How Mental Health Has Become Nothing But A Buzzword
Discussing the hypocrisy surrounding mental health in business
Mental health is a hot topic these days. Wherever you look, people are talking about it – on the news, on social media and at schools. Whilst it’s great that society seems finally interested in shattering the stigma attached to mental illness, it’s becoming more and more apparent that in certain places, this is nothing but a trend. Why? Because the hypocrisy surrounding mental health in business is staggering.
Let me start with a personal example. For years, I’ve had to deal with anxious and obsessive thoughts and I’ve experienced them within every establishment I’ve ever worked in. My struggle with these problems was to be expected. What was not, however, was just how two-faced people could be about mental health. On the one hand, I’ve seen companies brag about their counselling services on job listings and proclaim in press releases how they would never exploit vulnerable people. Yet, I’ve then witnessed these same companies peer pressure co-workers into drinking, snigger at meditation practices that alleviate anxiety, and liaise with organisations whose sole aim is to make money off unhealthy habits. It’s no wonder then, that in one of these places of work, I experienced such a prolonged panic attack that I ended up in A&E, but I couldn’t talk about it the next day in fear of being judged.
Perhaps if only I had encountered such a situation, it could be excused as an unfortunate coincidence, but statistics state otherwise. According to the Mental Health at Work Report in 2017, “84% of managers accept that employee well-being is their responsibility”, yet “less than a quarter (24%) of managers have received any training in mental health“. These figures then surely explain why despite 60% of employees admitting to having experienced a mental health problem in the last year, only 11% of them felt comfortable in disclosing it to their line-managers. Companies talk the talk, but clearly don’t often bother to walk the walk – at least in terms of their employees, as the mental health of customers is a whole other ball game.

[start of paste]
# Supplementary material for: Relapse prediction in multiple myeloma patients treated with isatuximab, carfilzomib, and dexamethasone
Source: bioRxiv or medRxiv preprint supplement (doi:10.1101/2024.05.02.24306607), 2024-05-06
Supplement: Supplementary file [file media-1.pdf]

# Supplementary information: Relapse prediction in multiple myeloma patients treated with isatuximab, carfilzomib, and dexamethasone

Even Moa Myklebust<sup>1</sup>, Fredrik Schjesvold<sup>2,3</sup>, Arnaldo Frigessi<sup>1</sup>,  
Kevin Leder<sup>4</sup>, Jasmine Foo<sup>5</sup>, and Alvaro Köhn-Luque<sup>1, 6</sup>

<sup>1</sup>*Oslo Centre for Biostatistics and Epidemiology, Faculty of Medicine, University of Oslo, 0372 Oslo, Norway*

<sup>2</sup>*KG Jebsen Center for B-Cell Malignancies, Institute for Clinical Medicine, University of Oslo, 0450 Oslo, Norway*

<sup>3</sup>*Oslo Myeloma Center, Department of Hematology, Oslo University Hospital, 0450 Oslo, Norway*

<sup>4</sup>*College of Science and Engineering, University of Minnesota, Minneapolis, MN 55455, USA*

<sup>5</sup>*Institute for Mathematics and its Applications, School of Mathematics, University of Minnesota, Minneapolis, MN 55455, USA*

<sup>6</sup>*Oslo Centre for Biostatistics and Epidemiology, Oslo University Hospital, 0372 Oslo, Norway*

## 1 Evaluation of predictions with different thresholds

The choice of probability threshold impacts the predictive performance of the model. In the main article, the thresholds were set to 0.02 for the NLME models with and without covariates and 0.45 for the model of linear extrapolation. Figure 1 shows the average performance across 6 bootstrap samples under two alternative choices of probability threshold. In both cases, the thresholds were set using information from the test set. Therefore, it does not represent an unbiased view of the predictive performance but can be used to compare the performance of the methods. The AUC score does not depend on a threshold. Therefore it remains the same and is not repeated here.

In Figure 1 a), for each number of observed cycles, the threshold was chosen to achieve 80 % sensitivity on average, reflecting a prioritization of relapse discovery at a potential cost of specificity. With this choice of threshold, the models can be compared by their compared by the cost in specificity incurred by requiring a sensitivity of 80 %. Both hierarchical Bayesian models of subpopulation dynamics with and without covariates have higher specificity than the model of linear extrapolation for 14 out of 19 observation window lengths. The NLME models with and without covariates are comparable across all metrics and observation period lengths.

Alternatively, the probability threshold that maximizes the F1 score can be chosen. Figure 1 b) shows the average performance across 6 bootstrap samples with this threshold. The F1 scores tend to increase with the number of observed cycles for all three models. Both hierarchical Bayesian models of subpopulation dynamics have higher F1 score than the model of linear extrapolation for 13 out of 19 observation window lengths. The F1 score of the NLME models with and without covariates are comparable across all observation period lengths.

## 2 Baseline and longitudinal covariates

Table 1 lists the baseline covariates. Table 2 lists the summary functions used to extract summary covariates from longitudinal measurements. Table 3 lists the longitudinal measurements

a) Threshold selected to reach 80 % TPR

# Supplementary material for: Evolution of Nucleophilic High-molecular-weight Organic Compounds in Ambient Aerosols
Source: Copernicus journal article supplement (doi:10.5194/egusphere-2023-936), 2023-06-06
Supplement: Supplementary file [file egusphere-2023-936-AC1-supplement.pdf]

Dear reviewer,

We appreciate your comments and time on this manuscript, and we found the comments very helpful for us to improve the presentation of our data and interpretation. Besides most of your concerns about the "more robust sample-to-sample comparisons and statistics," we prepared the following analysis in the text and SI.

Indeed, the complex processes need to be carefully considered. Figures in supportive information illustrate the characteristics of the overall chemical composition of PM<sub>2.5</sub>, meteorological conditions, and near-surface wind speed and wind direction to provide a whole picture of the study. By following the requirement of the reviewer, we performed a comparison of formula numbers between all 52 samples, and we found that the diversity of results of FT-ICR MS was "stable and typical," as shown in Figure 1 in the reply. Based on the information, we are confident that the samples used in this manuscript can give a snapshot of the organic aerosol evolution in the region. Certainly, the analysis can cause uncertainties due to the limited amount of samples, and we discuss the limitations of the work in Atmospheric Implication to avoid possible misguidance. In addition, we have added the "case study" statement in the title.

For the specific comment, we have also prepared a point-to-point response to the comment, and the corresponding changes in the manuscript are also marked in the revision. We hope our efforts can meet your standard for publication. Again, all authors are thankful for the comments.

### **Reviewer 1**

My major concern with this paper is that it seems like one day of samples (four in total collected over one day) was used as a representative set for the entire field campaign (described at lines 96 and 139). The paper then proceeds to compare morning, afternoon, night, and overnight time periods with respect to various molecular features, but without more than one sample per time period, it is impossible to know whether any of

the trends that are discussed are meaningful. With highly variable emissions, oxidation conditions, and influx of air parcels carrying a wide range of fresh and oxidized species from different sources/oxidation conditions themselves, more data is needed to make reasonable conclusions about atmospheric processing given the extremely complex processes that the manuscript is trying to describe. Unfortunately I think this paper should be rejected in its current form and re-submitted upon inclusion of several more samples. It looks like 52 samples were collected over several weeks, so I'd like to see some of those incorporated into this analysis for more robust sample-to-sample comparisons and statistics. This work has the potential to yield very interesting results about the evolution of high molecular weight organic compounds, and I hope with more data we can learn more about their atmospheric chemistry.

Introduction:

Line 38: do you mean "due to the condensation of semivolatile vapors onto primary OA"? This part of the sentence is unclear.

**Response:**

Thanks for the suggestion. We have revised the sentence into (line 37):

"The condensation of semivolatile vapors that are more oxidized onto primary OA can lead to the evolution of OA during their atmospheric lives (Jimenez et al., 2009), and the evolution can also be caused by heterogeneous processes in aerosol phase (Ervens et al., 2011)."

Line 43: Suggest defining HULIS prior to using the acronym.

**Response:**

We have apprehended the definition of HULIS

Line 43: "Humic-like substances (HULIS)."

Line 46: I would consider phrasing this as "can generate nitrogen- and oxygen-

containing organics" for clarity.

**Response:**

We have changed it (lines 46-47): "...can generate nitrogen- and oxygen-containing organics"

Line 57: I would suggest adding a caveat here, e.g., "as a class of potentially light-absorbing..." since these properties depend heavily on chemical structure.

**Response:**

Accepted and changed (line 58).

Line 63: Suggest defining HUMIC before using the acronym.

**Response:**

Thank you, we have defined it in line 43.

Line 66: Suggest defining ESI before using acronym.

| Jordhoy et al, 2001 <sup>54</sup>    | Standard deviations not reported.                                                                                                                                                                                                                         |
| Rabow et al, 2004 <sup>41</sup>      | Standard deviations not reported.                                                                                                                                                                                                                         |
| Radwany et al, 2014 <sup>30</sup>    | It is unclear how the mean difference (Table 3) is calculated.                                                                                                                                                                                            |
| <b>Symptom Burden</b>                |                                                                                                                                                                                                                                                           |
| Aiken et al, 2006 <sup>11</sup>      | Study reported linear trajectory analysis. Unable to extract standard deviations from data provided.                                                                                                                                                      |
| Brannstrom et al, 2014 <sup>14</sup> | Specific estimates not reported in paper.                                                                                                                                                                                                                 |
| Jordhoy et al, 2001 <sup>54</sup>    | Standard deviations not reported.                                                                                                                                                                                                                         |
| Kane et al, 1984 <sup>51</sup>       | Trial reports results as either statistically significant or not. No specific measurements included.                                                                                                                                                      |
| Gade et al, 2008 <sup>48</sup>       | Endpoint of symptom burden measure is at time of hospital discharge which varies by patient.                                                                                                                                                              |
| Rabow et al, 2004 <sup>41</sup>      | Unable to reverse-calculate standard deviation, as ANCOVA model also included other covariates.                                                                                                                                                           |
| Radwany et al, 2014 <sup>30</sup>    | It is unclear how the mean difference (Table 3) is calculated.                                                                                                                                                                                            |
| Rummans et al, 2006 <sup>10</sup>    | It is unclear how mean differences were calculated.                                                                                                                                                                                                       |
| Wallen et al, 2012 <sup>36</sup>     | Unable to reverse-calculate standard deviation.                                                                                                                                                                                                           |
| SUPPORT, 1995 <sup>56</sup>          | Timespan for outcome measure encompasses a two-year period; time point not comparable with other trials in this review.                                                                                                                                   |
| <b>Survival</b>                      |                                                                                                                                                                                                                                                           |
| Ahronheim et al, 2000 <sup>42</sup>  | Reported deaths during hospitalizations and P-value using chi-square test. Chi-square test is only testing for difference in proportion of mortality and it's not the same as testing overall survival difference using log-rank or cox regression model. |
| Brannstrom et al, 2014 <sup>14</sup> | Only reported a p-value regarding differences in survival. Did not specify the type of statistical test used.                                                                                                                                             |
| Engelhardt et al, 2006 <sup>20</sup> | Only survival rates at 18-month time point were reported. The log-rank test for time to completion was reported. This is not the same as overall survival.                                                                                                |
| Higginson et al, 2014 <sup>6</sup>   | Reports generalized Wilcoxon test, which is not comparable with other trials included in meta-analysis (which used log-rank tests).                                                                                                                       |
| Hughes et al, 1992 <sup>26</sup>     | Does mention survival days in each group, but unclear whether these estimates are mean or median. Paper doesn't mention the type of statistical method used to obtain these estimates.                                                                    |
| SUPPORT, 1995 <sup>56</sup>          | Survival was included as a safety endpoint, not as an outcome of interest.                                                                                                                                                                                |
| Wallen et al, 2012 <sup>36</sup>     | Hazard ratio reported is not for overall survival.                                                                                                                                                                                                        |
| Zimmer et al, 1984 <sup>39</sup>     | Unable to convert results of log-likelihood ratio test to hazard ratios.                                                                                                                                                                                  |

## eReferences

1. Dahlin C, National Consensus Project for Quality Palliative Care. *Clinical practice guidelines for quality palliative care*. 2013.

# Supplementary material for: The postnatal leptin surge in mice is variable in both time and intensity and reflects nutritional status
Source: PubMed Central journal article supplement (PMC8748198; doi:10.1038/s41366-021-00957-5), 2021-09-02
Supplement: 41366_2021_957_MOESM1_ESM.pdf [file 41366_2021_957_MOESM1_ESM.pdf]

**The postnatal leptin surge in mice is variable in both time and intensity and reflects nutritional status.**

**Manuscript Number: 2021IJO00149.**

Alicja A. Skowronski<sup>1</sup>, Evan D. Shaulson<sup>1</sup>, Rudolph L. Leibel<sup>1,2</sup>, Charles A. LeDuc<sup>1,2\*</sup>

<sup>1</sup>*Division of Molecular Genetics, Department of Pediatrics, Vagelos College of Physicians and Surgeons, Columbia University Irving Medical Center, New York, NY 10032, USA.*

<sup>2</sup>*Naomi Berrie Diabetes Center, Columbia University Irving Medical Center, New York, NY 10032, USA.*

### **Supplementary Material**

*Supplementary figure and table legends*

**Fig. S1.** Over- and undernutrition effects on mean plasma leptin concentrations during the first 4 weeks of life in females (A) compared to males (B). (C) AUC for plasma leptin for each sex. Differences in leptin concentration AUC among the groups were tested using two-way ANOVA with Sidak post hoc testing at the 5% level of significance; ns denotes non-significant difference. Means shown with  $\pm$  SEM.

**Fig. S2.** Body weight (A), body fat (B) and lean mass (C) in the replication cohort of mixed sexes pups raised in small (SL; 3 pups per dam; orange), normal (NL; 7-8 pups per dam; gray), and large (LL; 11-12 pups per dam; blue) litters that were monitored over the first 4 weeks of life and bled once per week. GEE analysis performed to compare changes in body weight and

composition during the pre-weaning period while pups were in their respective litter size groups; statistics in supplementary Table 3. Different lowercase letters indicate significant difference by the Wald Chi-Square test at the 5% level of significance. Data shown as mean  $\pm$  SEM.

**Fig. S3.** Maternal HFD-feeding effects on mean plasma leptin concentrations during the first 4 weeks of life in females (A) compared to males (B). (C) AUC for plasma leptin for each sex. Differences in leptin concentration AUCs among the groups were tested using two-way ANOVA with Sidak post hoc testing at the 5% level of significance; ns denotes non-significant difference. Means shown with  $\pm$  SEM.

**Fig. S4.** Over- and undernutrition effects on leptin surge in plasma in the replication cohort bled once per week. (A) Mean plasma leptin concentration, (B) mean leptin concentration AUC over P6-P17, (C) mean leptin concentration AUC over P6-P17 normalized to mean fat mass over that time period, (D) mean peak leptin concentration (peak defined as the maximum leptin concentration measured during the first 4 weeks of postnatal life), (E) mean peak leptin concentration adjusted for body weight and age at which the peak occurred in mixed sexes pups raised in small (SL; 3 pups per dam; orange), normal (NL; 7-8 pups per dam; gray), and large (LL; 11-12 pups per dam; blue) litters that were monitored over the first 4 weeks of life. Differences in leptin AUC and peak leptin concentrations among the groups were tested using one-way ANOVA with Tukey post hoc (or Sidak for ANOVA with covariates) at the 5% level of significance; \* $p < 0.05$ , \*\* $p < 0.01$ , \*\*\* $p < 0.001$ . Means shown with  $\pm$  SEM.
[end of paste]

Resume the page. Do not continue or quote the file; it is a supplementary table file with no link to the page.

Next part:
Because the truth is, mental health only matters when it sells – and that it does. The Ethical Consumers Market Report in 2017 found that for the last fourteen years, the sales of ethical products in the UK have grown faster than those of ordinary products – and mental health is just another step onto that bandwagon. With many industries being unable to prove how they ethically source their products – compare the finance and technological sectors to food and retail, for example – what better way to get a thumbs up from society than proclaim that mental health is their upmost concern?
So the next time you hear a business preaching about how much they care about mental health, consider resisting the urge to applaud them because it may only be a half-truth. Yes, some companies may seem to have their customers’ mental well-being at the forefront of their campaigns, but if they aren’t willing to support their employees, should we really be celebrating their achievements?